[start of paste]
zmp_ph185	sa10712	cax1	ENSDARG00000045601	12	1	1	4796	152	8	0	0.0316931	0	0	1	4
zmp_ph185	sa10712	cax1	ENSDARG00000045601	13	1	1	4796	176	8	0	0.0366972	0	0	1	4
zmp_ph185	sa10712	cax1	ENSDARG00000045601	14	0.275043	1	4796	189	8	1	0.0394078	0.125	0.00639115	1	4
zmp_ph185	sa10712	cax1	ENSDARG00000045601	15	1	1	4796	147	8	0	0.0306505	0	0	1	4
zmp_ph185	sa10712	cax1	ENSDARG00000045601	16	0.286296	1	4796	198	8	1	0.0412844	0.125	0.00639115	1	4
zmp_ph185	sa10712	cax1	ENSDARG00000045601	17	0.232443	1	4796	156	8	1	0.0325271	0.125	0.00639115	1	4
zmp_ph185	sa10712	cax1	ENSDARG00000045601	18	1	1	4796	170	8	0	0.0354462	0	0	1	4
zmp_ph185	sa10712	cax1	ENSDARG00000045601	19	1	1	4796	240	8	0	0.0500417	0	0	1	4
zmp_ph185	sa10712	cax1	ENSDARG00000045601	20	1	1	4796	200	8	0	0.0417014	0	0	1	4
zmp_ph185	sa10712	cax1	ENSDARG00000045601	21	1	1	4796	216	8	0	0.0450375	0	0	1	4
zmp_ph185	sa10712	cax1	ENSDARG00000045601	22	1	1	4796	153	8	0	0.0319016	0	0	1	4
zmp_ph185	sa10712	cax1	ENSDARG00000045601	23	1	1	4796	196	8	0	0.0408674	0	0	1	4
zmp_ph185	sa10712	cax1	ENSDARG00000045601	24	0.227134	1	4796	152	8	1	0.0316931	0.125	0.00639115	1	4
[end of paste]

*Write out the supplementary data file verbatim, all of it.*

zmp_ph185	sa10712	cax1	ENSDARG00000045601	12	1	1	4796	152	8	0	0.0316931	0	0	1	4
zmp_ph185	sa10712	cax1	ENSDARG00000045601	13	1	1	4796	176	8	0	0.0366972	0	0	1	4
zmp_ph185	sa10712	cax1	ENSDARG00000045601	14	0.275043	1	4796	189	8	1	0.0394078	0.125	0.00639115	1	4
zmp_ph185	sa10712	cax1	ENSDARG00000045601	15	1	1	4796	147	8	0	0.0306505	0	0	1	4
zmp_ph185	sa10712	cax1	ENSDARG00000045601	16	0.286296	1	4796	198	8	1	0.0412844	0.125	0.00639115	1	4
zmp_ph185	sa10712	cax1	ENSDARG00000045601	17	0.232443	1	4796	156	8	1	0.0325271	0.125	0.00639115	1	4
zmp_ph185	sa10712	cax1	ENSDARG00000045601	18	1	1	4796	170	8	0	0.0354462	0	0	1	4
zmp_ph185	sa10712	cax1	ENSDARG00000045601	19	1	1	4796	240	8	0	0.0500417	0	0	1	4
zmp_ph185	sa10712	cax1	ENSDARG00000045601	20	1	1	4796	200	8	0	0.0417014	0	0	1	4
zmp_ph185	sa10712	cax1	ENSDARG00000045601	21	1	1	4796	216	8	0	0.0450375	0	0	1	4
zmp_ph185	sa10712	cax1	ENSDARG00000045601	22	1	1	4796	153	8	0	0.0319016	0	0	1	4
zmp_ph185	sa10712	cax1	ENSDARG00000045601	23	1	1	4796	196	8	0	0.0408674	0	0	1	4
zmp_ph185	sa10712	cax1	ENSDARG00000045601	24	0.227134	1	4796	152	8	1	0.0316931	0.125	0.00639115	1	4